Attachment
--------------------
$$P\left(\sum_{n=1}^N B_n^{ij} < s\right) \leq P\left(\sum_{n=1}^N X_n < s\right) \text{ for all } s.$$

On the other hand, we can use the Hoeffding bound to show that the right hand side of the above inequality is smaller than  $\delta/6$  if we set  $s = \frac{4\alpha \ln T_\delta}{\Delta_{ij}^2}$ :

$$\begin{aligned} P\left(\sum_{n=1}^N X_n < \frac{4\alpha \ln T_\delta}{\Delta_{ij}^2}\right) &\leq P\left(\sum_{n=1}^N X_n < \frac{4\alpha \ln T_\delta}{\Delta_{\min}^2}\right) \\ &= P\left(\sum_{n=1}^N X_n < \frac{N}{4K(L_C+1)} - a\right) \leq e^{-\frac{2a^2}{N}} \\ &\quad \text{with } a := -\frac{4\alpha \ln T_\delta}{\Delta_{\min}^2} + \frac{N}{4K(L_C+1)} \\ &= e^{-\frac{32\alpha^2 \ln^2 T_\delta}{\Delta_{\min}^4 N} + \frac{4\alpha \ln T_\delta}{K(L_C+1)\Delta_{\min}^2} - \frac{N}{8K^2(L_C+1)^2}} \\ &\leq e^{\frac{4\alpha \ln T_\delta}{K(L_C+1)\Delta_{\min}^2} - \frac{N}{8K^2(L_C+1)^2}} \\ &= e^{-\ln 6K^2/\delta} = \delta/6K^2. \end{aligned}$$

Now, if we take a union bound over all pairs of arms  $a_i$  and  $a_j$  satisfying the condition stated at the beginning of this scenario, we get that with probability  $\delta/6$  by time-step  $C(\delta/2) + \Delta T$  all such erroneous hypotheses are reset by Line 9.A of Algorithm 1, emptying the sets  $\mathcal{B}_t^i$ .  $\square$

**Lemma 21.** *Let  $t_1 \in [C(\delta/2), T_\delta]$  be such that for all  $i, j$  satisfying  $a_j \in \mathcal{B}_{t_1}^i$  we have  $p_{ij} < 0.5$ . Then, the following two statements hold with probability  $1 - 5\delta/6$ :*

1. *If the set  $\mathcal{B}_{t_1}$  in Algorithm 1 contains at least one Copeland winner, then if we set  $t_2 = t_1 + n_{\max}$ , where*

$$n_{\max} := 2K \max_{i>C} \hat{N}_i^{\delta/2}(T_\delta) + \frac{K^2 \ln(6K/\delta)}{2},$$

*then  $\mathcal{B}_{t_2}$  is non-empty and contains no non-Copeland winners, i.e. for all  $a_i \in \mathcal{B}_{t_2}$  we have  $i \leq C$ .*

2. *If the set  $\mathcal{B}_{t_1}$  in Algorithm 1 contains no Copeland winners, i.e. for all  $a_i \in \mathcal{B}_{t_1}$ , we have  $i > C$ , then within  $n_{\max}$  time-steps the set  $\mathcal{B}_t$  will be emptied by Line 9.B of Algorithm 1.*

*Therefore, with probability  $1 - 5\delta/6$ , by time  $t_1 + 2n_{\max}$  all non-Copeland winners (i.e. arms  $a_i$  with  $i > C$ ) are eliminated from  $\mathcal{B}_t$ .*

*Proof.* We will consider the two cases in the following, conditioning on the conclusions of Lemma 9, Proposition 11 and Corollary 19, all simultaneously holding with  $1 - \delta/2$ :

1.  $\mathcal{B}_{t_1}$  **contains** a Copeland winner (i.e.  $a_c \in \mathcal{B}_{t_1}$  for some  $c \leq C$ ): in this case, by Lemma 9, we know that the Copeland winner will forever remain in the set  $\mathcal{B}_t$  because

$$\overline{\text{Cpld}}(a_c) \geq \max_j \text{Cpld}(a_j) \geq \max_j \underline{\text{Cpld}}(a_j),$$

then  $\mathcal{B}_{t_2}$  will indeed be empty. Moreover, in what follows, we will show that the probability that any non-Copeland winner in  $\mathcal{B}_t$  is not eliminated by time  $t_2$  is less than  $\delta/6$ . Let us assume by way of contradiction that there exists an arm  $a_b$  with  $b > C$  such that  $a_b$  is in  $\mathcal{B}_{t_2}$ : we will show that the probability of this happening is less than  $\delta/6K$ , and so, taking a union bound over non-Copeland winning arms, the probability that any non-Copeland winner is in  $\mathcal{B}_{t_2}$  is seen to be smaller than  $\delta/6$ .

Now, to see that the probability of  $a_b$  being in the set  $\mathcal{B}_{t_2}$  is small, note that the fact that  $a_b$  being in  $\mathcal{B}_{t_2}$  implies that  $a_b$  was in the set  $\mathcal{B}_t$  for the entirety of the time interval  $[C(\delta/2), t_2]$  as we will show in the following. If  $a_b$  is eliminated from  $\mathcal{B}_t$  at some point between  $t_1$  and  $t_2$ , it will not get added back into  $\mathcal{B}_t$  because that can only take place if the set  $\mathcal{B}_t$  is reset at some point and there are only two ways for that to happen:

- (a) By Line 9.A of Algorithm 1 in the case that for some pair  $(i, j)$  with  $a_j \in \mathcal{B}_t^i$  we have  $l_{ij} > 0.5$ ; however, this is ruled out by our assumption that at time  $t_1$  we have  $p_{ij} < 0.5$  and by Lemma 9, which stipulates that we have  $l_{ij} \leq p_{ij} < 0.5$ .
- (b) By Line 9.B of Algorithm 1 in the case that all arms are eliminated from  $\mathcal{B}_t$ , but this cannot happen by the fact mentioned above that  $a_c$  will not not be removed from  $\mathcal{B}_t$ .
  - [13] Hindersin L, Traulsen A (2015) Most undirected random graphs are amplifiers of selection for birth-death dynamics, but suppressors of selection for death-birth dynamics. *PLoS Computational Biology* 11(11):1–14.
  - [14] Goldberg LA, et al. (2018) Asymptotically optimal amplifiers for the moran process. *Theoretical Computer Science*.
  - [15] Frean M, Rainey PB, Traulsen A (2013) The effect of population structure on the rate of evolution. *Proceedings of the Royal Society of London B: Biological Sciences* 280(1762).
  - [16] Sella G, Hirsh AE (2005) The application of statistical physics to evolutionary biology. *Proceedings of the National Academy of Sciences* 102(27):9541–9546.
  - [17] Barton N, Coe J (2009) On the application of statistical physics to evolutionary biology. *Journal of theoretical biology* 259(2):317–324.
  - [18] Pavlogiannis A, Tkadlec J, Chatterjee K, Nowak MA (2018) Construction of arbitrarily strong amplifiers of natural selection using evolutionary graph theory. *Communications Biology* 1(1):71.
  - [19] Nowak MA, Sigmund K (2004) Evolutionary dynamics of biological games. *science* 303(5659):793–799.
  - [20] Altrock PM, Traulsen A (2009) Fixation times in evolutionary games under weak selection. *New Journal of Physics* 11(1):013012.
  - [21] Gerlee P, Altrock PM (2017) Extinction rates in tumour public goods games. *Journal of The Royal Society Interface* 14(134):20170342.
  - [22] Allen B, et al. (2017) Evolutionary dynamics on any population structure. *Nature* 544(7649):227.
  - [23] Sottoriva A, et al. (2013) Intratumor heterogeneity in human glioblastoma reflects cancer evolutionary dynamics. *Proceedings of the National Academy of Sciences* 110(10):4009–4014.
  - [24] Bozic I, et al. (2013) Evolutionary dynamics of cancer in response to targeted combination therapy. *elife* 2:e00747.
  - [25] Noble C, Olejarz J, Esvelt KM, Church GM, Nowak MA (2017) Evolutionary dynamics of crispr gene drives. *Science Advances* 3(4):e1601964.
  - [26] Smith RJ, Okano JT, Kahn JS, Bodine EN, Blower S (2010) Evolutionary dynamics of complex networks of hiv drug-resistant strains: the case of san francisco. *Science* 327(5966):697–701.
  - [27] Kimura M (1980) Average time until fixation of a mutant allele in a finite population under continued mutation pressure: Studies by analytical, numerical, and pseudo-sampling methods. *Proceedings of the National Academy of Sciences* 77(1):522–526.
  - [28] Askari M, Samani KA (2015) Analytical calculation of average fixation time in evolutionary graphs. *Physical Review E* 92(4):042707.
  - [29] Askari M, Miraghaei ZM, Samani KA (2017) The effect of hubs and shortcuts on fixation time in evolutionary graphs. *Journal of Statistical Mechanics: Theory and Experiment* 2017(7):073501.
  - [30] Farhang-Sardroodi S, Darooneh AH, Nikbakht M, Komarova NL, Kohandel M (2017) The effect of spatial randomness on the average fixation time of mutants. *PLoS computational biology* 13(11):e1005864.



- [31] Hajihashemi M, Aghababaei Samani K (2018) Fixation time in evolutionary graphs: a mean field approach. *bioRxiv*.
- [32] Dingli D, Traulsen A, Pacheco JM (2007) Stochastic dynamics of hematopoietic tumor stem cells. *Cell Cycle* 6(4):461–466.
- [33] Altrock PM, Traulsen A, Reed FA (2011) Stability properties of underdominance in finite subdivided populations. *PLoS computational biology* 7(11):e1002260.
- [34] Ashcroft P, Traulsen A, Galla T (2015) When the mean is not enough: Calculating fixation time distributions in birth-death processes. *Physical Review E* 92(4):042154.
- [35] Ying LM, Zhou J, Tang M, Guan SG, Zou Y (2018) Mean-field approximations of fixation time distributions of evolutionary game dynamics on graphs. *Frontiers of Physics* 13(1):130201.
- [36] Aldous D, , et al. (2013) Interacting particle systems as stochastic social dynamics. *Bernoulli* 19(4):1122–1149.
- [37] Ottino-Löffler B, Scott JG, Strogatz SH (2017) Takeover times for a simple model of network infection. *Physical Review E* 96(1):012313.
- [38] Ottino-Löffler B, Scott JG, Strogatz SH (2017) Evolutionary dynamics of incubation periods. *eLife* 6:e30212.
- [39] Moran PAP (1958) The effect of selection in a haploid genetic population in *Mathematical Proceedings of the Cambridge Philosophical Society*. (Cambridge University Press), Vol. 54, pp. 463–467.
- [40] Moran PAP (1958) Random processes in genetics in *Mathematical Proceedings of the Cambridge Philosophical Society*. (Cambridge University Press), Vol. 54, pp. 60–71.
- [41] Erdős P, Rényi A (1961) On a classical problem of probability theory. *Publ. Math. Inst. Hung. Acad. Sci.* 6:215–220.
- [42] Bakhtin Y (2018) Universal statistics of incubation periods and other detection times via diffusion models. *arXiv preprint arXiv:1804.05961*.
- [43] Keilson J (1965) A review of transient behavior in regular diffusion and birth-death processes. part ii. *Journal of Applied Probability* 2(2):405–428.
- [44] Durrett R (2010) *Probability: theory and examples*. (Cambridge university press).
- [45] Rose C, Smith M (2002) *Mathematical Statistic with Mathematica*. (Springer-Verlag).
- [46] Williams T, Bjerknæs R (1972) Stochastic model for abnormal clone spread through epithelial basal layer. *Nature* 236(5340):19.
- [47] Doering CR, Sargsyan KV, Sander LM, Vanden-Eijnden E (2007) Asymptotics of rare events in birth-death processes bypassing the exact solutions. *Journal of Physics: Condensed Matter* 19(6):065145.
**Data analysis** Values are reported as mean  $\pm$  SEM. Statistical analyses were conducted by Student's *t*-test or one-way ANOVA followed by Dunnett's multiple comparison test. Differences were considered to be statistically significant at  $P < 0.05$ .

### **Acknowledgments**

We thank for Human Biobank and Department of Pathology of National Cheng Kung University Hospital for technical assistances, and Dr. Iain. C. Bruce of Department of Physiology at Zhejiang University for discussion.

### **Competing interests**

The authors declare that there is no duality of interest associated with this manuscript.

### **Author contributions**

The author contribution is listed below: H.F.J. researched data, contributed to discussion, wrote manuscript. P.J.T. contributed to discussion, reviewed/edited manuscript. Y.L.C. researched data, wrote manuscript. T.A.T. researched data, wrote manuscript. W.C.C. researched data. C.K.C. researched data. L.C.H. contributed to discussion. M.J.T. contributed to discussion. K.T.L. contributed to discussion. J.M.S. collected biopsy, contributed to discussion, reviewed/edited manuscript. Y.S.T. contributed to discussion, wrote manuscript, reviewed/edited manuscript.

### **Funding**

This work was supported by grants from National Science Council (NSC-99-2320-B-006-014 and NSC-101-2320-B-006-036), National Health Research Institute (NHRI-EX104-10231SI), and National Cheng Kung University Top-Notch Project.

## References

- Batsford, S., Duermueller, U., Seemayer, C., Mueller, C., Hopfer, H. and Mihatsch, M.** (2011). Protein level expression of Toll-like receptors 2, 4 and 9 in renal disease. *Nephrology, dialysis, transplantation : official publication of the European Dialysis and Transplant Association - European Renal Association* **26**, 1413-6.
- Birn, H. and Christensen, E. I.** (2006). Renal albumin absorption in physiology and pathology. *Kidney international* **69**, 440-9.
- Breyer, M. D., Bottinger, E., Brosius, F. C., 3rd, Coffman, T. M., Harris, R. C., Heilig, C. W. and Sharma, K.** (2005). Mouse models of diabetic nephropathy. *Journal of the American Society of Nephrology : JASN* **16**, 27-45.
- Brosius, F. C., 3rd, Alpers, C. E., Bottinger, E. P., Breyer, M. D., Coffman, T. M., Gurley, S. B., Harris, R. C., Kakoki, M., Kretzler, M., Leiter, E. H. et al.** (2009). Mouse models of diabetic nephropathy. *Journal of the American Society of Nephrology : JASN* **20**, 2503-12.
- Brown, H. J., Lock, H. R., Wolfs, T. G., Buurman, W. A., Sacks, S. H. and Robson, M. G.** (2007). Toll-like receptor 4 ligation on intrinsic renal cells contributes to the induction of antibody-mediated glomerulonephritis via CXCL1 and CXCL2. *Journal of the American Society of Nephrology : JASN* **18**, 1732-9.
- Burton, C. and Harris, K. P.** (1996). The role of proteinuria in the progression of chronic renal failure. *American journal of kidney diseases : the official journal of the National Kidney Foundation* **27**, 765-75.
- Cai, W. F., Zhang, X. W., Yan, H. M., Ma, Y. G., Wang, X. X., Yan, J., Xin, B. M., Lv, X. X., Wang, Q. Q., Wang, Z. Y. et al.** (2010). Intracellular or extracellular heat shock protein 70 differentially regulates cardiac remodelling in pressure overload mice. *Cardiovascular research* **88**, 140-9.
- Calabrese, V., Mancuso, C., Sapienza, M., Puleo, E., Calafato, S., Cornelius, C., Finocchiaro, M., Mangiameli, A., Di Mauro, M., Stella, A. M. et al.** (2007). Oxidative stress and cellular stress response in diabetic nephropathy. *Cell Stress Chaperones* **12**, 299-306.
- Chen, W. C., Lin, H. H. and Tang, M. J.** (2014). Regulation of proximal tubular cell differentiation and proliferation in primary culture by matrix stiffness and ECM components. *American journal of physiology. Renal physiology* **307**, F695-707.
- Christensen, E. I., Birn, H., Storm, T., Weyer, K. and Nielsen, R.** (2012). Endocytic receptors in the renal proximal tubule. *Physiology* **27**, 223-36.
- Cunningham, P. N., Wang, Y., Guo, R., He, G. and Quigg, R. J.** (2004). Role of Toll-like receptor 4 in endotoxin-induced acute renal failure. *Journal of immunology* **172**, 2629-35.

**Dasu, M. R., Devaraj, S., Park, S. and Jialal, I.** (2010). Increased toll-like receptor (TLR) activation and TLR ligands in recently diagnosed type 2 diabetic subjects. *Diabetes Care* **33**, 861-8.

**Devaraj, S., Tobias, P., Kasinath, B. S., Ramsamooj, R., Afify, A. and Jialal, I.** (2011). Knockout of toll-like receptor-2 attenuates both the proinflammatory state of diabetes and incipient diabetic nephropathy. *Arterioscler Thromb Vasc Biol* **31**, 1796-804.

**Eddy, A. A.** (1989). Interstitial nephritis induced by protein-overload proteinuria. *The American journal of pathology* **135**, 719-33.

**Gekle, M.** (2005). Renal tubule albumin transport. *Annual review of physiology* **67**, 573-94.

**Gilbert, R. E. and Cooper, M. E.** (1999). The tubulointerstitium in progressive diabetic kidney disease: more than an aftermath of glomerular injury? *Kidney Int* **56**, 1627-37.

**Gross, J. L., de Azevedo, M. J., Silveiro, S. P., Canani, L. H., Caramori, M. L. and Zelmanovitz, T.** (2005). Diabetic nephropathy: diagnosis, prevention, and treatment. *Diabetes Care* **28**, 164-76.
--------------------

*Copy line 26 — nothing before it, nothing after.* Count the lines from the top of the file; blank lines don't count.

  - [21] Gerlee P, Altrock PM (2017) Extinction rates in tumour public goods games. *Journal of The Royal Society Interface* 14(134):20170342.